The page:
Author Topic: CVS - CVS Health Corporation  (Read 40171 times)

fisch777

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Re: CVS - CVS Health Corporation
« Reply #10 on: October 31, 2016, 12:54:21 PM »
My impression is that MCOs originally "carved out" the drug benefit itself from the rest of the main medical plan, as the Rx benefit used to be simply lumped in.  At first, the "carved out" benefit was basically just processing drug claims, which could be done more efficiently/broadly with PBMs, who built networks to process claims at drug stores on behalf of MCO payors.  As Rx claims grew, the pharmacy benefit significantly gained in complexity, and the role of PBMs grew.  As PBMs grew in size, the role expanded beyond a 3rd party processor and they began to leverage their buying power to obtain lower drug pricing, which helped their payor clients (employers, MCOs). 

Some PBM activities do appear to be in potential conflict of end patient and/or payor, but PBMs do take cost out of the entire supply chain, so I don't get the argument that they don't add value and shouldn't exist. It is clearly not simple or easy to negotiate with the scale and expertise that these big PBMs operate.  As recently as 2009, Wellpoint (now Anthem) sold NextRx to ESRX for ~$5B.

Why is the integrated Rx/PBM model (CVS/Caremark) superior to the standalone (ESRX, recently Catamaran) model?


DooDiligence

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Re: CVS - CVS Health Corporation
« Reply #11 on: October 31, 2016, 11:09:44 PM »
My impression is that MCOs originally "carved out" the drug benefit itself from the rest of the main medical plan, as the Rx benefit used to be simply lumped in.  At first, the "carved out" benefit was basically just processing drug claims, which could be done more efficiently/broadly with PBMs, who built networks to process claims at drug stores on behalf of MCO payors.  As Rx claims grew, the pharmacy benefit significantly gained in complexity, and the role of PBMs grew.  As PBMs grew in size, the role expanded beyond a 3rd party processor and they began to leverage their buying power to obtain lower drug pricing, which helped their payor clients (employers, MCOs).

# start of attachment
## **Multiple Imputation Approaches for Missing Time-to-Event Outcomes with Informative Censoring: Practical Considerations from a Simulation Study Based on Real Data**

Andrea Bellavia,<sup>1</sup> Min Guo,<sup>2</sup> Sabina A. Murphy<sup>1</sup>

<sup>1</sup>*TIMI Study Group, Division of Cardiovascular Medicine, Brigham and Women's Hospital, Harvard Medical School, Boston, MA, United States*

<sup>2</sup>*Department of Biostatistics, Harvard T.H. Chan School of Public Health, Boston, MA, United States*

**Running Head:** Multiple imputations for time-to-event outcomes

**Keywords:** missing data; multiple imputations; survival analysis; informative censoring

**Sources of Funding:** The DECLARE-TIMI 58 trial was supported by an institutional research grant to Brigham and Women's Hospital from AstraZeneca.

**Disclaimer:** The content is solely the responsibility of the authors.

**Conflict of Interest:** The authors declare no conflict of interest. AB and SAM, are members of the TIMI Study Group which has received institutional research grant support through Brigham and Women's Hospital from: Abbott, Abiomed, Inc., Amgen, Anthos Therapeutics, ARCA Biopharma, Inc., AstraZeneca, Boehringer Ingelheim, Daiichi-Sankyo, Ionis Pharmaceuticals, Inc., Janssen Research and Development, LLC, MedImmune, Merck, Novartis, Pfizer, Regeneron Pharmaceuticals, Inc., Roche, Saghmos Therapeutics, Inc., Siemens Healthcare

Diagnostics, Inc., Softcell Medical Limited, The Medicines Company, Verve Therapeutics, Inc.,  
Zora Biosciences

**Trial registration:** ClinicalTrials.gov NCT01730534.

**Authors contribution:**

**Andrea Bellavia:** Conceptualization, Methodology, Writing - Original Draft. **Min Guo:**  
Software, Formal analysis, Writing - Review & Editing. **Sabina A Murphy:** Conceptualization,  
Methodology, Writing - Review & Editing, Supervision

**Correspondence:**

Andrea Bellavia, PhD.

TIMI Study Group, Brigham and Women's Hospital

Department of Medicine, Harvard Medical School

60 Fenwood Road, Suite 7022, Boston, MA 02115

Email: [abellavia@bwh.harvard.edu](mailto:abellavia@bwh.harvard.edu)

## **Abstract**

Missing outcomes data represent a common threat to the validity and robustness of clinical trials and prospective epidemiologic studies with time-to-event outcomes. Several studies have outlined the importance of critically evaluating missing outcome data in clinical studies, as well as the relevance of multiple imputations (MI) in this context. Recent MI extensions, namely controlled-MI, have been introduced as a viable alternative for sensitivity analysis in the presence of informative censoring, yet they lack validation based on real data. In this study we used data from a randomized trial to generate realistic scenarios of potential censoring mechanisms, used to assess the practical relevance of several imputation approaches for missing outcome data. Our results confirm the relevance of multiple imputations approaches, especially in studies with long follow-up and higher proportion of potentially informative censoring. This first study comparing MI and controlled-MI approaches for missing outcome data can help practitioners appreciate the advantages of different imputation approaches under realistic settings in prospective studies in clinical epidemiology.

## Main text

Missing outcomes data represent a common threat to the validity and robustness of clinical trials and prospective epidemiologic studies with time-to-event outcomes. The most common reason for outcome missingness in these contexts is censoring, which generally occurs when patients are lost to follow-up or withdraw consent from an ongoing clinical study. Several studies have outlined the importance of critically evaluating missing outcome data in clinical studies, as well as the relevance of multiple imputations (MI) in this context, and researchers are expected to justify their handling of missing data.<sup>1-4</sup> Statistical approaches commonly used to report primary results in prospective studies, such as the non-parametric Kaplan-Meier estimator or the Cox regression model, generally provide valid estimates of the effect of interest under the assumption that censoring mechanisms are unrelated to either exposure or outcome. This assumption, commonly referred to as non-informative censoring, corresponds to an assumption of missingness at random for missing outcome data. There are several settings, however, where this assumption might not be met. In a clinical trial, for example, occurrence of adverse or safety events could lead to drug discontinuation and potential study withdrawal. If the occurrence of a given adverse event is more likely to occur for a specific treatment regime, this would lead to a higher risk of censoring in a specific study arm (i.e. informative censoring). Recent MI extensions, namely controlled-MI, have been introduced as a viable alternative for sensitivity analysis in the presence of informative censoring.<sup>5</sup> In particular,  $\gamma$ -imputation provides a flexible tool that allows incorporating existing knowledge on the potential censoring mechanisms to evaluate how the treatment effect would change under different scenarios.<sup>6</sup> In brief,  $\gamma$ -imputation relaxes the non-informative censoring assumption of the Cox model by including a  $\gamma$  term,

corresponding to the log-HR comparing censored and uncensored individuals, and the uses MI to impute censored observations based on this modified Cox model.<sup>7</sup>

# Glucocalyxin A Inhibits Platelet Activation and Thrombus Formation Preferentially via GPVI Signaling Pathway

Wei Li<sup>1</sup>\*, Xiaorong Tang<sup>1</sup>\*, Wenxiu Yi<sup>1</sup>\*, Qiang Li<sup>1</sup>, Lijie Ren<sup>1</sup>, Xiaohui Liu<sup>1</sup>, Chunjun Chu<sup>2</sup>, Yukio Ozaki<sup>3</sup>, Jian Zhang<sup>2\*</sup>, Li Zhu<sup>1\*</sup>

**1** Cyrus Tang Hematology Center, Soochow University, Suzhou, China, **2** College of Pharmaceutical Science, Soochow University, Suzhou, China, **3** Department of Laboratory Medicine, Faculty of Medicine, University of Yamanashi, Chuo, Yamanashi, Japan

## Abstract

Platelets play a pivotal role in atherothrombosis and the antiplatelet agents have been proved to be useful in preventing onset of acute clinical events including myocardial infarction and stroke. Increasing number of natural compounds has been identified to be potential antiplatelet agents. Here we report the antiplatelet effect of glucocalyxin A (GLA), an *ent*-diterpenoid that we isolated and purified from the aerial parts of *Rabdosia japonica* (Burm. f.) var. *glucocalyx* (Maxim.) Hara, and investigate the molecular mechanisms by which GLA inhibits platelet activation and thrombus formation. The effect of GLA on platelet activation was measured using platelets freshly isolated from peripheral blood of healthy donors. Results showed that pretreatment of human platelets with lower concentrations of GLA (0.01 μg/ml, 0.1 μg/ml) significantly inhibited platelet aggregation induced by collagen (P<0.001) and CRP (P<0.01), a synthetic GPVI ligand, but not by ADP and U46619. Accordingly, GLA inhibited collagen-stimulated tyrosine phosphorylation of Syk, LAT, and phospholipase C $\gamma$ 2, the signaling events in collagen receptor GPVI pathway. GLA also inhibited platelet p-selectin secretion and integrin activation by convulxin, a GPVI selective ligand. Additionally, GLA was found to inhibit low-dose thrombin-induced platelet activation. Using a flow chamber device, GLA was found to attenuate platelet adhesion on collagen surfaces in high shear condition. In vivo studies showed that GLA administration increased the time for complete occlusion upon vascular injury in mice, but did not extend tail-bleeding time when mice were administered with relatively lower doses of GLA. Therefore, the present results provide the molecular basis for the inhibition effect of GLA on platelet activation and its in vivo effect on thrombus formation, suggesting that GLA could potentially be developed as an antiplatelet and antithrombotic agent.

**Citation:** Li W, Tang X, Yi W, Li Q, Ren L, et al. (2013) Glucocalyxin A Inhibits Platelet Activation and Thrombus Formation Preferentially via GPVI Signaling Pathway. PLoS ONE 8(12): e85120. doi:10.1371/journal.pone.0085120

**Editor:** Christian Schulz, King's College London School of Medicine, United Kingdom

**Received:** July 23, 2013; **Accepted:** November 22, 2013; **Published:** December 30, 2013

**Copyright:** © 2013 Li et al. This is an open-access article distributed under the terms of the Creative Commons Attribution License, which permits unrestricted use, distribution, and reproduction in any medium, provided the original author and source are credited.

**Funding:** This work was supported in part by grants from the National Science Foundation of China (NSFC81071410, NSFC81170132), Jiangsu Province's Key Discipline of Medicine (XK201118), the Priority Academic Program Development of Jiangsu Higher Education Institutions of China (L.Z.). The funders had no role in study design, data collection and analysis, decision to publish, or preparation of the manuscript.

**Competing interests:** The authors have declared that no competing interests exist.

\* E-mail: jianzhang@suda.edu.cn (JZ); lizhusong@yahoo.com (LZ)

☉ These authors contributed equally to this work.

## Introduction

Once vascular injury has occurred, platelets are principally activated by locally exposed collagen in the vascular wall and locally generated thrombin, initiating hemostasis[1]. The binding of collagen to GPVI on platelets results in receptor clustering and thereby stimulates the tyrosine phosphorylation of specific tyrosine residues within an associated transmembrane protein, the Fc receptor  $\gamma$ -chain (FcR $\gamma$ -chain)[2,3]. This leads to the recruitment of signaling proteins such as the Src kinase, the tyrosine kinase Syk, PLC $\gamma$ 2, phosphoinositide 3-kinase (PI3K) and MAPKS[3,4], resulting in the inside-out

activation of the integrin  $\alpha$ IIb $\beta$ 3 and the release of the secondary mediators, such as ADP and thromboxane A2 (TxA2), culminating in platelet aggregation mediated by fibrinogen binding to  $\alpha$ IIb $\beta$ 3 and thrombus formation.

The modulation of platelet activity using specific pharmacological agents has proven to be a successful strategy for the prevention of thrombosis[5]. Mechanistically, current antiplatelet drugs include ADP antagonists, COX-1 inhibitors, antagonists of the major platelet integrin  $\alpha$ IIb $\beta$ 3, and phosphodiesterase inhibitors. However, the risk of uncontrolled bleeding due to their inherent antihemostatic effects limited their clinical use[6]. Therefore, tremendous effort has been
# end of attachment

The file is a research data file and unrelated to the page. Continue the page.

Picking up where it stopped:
Some PBM activities do appear to be in potential conflict of end patient and/or payor, but PBMs do take cost out of the entire supply chain, so I don't get the argument that they don't add value and shouldn't exist. It is clearly not simple or easy to negotiate with the scale and expertise that these big PBMs operate.  As recently as 2009, Wellpoint (now Anthem) sold NextRx to ESRX for ~$5B.

Why is the integrated Rx/PBM model (CVS/Caremark) superior to the standalone (ESRX, recently Catamaran) model?

Thanks - I didn't realize the history of the PBM (seems like they created a bunch if Frankensteins that got free & ate each other up & now the creators are gobbling up the resultant bigger monsters.)

I totally missed the United Health / Catamaran deal (did it go through & did they rename it Optum?)

I'm no expert but it seems logical that having PBM in house would be beneficial (albeit not for a pharma manufacturer as Merck found out.)

ESRX stands alone (will they eat their maker or be consumed & if so by whom?)
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ABM

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Re: CVS - CVS Health Corporation
« Reply #12 on: November 01, 2016, 12:42:01 PM »


Why is the integrated Rx/PBM model (CVS/Caremark) superior to the standalone (ESRX, recently Catamaran) model?